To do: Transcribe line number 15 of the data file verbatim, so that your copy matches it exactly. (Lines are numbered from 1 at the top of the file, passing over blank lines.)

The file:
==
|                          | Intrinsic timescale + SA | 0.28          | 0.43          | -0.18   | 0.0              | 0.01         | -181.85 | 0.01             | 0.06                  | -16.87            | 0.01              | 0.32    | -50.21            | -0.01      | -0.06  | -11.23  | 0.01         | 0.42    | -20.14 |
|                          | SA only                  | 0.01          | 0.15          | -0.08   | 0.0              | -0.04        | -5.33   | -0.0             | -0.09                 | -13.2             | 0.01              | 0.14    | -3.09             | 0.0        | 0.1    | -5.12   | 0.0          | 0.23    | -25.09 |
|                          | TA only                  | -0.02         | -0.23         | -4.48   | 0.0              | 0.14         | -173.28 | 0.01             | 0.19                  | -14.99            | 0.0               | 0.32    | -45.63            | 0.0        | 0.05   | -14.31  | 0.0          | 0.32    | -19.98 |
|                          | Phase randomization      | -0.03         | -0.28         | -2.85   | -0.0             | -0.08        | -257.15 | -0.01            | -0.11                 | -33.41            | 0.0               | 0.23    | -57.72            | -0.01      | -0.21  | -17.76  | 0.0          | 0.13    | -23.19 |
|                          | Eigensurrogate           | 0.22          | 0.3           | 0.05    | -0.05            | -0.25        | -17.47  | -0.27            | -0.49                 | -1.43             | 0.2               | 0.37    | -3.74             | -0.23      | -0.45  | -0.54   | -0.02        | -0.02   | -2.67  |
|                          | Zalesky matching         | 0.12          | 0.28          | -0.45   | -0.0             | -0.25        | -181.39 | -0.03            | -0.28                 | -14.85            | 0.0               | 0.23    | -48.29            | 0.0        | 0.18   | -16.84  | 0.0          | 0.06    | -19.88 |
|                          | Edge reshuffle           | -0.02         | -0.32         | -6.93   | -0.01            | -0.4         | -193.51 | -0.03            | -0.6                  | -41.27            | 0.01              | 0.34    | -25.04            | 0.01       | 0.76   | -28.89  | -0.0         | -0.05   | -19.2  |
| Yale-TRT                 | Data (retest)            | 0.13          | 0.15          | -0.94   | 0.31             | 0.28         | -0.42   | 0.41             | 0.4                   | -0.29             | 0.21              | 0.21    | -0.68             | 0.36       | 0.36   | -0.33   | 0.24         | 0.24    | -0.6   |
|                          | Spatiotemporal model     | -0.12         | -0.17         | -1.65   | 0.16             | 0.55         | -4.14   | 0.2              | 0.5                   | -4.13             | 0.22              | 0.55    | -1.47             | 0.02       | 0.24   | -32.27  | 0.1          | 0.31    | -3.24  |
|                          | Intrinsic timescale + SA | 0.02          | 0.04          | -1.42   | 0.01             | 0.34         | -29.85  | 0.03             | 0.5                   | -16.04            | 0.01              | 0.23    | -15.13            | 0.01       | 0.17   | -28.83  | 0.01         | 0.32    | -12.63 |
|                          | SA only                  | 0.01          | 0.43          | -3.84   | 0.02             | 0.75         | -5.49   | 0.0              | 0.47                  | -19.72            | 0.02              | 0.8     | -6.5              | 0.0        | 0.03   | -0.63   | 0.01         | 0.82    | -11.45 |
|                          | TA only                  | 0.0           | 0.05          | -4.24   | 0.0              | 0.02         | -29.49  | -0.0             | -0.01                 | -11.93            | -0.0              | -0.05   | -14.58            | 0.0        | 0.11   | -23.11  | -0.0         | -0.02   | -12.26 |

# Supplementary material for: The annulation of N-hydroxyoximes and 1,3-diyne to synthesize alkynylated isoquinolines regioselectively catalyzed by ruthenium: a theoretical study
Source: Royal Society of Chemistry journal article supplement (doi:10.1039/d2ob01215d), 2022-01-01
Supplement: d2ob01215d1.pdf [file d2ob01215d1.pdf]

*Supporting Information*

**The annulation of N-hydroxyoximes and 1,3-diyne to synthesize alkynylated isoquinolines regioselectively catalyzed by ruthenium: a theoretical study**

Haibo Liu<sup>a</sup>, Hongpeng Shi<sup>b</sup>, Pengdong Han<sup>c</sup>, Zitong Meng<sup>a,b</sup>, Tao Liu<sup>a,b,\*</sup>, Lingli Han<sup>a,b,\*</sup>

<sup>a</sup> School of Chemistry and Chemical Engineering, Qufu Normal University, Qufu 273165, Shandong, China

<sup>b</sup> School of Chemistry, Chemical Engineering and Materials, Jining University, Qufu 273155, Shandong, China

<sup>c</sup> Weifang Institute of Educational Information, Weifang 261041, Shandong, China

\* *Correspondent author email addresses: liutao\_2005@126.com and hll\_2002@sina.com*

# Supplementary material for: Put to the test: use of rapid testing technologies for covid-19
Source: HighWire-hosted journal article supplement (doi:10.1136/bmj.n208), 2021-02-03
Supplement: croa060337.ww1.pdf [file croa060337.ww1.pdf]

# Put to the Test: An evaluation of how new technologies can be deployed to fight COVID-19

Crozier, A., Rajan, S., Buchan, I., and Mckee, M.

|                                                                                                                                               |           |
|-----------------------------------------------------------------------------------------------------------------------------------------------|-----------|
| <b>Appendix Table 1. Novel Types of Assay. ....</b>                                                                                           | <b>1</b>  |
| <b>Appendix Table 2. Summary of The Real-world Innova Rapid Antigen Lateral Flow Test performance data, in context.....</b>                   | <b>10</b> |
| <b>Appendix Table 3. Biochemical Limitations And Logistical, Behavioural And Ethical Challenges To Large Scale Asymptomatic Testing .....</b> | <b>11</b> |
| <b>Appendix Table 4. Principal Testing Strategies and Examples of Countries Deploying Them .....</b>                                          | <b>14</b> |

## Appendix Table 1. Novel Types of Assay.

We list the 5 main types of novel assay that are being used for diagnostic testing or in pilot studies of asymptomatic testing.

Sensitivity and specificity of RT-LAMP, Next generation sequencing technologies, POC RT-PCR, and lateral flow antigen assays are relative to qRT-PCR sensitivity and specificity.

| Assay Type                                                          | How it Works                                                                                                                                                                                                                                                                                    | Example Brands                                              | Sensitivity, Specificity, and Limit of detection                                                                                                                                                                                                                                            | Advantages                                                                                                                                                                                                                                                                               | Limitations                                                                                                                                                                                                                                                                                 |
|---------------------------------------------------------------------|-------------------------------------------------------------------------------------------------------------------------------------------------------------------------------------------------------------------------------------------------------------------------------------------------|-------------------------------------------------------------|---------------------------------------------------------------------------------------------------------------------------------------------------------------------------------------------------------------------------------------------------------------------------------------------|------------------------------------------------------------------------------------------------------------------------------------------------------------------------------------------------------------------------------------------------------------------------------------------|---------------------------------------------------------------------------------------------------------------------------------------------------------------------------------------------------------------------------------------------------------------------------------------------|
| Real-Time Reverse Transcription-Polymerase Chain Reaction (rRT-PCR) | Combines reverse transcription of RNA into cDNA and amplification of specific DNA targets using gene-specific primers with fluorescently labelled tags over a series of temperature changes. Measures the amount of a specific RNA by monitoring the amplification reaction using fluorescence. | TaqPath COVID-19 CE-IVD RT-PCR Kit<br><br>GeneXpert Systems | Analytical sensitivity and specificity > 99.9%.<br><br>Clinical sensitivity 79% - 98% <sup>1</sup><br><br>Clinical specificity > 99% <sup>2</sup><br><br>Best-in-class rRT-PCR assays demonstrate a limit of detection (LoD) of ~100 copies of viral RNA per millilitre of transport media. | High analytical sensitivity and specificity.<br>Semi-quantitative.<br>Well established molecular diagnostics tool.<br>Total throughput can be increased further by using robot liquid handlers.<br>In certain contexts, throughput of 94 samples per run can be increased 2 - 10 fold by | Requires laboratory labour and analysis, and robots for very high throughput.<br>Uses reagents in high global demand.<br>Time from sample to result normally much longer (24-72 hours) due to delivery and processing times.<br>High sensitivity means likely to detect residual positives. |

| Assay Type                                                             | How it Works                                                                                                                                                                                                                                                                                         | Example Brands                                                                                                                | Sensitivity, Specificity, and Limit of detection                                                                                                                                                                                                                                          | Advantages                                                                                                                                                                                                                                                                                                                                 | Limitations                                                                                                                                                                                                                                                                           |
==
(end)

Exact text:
Supplement: d2ob01215d1.pdf [file d2ob01215d1.pdf]